Millions of Egyptians streamed to the polls on Monday to take part in what they described as "our first opportunity to determine our own fate."
The first day of this two-day round of voting for the new parliament was rife with reported mishaps and irregularities. Polls were meant to open at 8 A.M., but in those districts that voted on Monday there were hundreds of reports of delays of up to five hours. Voting hours were extended by two hours.
The Supreme Electoral Committee explained the delays by saying that several of the judges meant to serve as chairman of the local election committees were stuck in traffic en route to the polls and didn't always know exactly where they were. Several polling stations did not receive ballots on time.
At 11 A.M., thousands of people stood in line to enter a school in the Al-Maadi Hamid neighborhood. Policemen were keeping the queues orderly, but at the two entrances to the polls there were soldiers with Kalashnikov rifles, battle vests and helmets.
Salah Tawfik, a sugar trader, waited patiently in line as he conducted business by cellphone.
"It took 70 years for us to get to this moment," he said. "This is the first step toward democracy and people are only beginning to learn how it works.
"I hope these delays were caused by inefficiency and were not directed from above," he added. "It will take us another 10 years to reach full democracy, but I'm still optimistic."
Noha Wamari, 20, a student, said that last year she didn't bother to vote in the parliamentary election, because it was clear what the result would be.
"This time I believe that I am truly influencing my future," she said.
Several voters seemed overwhelmed by the turnout, noting that in previous elections, only a minority of voters bothered to go to the polls. But the turnout wasn't equally heavy in all parts of the city.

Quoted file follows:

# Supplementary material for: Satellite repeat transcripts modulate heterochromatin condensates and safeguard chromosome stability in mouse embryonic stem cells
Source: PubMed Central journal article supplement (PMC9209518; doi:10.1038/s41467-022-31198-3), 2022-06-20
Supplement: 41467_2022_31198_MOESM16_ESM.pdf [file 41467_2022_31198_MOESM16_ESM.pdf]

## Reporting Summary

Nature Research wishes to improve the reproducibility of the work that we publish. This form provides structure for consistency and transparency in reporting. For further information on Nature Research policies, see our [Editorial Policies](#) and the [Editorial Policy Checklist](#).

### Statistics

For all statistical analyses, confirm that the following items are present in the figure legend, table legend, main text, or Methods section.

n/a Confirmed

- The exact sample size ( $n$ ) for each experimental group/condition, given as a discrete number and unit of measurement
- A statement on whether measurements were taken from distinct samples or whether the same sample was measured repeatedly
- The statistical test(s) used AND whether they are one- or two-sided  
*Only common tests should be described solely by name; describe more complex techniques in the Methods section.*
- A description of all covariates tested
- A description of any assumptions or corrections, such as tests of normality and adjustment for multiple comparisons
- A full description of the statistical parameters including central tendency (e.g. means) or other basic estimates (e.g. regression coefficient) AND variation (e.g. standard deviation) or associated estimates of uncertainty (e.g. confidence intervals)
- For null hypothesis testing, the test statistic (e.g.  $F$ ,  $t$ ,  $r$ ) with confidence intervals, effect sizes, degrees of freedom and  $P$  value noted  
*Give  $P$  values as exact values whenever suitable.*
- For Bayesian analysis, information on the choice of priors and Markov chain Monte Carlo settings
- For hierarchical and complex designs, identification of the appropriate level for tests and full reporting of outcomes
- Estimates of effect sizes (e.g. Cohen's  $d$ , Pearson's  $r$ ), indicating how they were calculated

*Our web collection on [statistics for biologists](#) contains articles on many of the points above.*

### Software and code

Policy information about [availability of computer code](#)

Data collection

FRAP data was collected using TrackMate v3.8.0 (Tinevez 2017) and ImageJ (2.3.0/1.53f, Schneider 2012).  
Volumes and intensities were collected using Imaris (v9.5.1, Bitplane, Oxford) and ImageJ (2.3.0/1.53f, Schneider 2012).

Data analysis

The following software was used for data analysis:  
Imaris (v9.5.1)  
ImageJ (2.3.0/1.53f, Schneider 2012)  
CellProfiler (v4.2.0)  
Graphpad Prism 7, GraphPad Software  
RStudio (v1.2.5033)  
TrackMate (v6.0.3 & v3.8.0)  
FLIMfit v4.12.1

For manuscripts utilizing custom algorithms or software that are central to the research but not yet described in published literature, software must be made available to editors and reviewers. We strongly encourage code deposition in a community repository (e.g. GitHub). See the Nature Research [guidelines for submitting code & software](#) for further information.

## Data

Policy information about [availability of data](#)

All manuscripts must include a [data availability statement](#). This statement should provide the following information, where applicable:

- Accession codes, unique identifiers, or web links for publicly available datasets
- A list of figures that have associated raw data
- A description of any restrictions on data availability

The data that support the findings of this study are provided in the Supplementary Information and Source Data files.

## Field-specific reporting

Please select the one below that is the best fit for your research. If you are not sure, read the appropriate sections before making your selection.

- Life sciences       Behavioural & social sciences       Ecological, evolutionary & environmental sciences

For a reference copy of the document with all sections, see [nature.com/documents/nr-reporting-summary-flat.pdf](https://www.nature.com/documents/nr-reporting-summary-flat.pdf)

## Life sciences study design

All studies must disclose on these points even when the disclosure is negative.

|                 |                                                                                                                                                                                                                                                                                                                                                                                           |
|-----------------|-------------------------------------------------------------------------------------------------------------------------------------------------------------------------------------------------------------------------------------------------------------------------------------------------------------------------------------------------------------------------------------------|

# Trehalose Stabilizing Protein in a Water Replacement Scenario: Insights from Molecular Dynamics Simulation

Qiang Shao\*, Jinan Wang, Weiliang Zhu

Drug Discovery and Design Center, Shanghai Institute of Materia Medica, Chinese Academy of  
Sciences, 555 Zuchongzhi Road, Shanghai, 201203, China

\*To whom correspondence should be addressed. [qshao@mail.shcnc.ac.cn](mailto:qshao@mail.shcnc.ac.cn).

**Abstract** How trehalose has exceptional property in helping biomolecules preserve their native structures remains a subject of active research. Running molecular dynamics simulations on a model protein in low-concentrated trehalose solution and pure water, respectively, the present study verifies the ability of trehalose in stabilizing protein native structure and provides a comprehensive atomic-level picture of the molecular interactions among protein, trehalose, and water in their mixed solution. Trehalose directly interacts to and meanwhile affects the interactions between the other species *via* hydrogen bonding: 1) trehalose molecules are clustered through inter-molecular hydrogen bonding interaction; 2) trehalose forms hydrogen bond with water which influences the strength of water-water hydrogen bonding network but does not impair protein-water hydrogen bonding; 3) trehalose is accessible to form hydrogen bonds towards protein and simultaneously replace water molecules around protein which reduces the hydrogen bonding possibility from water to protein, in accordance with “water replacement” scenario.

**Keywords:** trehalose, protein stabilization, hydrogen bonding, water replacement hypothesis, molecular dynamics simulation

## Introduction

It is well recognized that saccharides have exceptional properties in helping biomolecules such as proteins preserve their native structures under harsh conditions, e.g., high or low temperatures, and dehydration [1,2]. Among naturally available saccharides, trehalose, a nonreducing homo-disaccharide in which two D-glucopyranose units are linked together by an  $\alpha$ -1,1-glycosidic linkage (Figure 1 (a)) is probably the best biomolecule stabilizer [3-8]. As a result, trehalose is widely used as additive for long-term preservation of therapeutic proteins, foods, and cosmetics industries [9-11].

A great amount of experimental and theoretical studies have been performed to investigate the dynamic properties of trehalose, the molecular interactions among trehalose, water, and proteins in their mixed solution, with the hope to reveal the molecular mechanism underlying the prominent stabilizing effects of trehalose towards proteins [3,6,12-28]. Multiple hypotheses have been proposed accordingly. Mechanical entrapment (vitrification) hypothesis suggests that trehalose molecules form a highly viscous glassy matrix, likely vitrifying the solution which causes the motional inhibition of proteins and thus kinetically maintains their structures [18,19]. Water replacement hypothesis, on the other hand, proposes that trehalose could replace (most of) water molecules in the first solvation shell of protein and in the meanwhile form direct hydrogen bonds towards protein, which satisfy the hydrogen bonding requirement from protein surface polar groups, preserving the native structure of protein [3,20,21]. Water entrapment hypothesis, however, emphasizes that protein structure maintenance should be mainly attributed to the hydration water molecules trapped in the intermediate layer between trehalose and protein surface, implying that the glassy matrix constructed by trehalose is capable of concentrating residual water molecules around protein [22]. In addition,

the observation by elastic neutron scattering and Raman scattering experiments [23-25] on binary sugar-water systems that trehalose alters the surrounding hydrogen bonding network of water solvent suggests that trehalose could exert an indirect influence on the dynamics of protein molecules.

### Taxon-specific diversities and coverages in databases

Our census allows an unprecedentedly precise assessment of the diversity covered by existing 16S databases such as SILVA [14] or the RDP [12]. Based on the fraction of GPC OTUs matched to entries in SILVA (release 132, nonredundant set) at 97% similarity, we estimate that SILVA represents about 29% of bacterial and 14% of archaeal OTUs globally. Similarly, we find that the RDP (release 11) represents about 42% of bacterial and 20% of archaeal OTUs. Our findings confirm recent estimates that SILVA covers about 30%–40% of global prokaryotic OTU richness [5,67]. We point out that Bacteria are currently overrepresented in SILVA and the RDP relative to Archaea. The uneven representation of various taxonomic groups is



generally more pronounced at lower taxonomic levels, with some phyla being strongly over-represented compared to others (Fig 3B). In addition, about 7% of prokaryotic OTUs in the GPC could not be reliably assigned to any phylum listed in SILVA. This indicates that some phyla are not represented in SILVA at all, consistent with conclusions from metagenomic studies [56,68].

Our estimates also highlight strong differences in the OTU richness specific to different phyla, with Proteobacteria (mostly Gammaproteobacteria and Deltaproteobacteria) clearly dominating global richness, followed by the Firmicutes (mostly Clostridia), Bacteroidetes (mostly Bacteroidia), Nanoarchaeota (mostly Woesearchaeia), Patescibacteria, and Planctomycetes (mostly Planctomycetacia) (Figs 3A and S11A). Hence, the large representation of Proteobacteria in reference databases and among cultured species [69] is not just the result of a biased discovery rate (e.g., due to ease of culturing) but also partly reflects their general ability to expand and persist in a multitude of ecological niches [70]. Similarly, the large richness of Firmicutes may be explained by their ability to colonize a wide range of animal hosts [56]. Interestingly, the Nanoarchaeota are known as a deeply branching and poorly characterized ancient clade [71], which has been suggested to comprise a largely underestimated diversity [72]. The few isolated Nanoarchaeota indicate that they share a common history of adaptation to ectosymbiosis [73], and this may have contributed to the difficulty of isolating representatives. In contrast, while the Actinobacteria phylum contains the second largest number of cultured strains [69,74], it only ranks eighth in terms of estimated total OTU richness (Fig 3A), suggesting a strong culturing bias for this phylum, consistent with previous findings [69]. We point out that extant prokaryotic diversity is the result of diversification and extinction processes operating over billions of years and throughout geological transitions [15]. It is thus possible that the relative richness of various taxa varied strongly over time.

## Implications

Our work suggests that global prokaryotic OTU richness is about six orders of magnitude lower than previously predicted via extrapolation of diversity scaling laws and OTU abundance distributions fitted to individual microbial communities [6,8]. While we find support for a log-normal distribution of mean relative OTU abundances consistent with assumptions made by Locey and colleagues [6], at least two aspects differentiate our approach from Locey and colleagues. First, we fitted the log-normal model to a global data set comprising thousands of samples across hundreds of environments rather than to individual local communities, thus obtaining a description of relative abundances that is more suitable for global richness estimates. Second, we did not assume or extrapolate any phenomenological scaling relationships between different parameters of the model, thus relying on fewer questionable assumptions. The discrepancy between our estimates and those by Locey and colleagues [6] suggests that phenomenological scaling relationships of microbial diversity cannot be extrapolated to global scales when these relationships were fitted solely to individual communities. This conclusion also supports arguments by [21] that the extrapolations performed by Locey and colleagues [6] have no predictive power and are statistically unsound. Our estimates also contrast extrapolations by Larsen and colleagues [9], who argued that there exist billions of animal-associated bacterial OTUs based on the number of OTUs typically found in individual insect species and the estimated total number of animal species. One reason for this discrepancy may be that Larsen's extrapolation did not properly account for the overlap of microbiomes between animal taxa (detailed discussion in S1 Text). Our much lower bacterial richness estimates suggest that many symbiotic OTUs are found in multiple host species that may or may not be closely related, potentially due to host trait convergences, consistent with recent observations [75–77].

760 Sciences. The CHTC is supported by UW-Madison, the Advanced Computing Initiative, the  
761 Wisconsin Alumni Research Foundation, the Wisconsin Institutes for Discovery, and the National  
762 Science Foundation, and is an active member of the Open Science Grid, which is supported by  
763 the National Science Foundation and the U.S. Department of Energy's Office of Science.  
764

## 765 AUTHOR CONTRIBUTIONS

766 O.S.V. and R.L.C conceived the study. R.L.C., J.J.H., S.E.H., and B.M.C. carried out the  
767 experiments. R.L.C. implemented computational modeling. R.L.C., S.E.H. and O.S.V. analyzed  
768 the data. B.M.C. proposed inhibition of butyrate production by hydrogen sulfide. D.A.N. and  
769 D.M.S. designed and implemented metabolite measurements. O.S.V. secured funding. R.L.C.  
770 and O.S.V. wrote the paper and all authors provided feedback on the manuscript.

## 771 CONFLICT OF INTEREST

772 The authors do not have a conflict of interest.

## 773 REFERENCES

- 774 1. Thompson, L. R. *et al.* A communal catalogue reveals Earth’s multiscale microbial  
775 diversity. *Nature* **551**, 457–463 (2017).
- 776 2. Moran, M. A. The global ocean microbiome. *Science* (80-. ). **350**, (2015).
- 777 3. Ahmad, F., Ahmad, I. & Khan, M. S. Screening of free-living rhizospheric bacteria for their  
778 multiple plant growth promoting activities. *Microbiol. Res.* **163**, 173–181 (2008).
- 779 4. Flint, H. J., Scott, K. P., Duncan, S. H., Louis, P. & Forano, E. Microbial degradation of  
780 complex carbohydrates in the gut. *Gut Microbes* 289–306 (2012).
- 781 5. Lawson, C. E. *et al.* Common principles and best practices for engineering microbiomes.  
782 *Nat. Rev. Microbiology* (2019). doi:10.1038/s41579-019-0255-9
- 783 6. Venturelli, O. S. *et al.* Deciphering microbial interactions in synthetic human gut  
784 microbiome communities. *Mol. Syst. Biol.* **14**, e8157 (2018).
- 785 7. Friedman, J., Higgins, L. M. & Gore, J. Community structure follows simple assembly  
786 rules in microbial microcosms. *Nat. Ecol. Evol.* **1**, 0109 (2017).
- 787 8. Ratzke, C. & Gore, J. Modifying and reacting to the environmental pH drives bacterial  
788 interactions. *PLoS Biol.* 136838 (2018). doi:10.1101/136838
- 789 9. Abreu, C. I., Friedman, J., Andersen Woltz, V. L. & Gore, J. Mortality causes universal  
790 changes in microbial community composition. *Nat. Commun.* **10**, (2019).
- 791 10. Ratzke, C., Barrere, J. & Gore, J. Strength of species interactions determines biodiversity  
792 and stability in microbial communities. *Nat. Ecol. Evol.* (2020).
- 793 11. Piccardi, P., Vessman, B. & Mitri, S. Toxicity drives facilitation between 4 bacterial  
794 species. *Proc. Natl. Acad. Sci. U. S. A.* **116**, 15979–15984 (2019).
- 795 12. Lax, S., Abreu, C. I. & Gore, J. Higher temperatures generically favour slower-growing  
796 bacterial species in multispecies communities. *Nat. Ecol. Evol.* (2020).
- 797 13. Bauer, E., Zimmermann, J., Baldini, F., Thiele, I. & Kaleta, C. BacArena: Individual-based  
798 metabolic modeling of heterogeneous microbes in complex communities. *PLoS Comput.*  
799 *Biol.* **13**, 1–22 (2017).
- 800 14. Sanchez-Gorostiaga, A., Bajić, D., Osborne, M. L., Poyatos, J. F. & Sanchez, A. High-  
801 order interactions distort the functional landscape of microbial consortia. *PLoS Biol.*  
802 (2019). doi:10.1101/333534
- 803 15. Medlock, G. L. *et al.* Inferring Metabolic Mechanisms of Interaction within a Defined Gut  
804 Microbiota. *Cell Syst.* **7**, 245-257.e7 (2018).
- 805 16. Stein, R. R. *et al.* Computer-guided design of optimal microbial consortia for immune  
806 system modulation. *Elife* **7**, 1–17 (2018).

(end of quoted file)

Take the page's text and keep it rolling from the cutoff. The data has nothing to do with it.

In one of the poorest neighborhoods of Old Cairo, only a few voters could be seen at the polling station in the school on Al-Uran Street.
"People here still think that after the voting, the policemen will enter the polling booth and stick in ballots for the regime, so it doesn't matter whether you vote or not," explained Magid Harani, a driver who works in the neighborhood.
"Here there's almost no awareness of what's happening in Tahrir Square," he said. "The people living here are so poor that they are almost totally consumed with survival. Politics doesn't interest them."
Throughout the day, the Supreme Elections Committee and the human rights organizations monitoring the elections received complaints of unlawful efforts to sway the results.
There were numerous reports of candidates or their representatives entering the polling stations to lobby voters. There were many reports of bribes of money or food being offered; in one case reported in Old Cairo, an independent candidate who sells cooking gas was giving out gas canisters to poor voters who promised to vote for him.
There were also complaints about the ballots themselves, which required voters to choose one of 16 parties and from among 140 candidates, leaving some voters totally confused. At some polls, volunteers gave out instruction sheets explaining how to vote properly and avoid having ballots disqualified.
Despite calls by Tahrir Square demonstrators to boycott the elections until the ruling military council commits itself to a speedy transfer of power to the new civilian government, only a few thousand people could be seen in the square on Monday. Most of the tens of thousands who had packed the square in recent days had gone off to vote. Non-voters face a fine of 500 Egyptian lira.
This round of voting for parliament is just the first in a multi-stage process. Next week there will be a second round of voting among those independent candidates that garnered the most votes in the first round, while in six weeks there will be new voting in other districts. Final results will not be known until the end of January.
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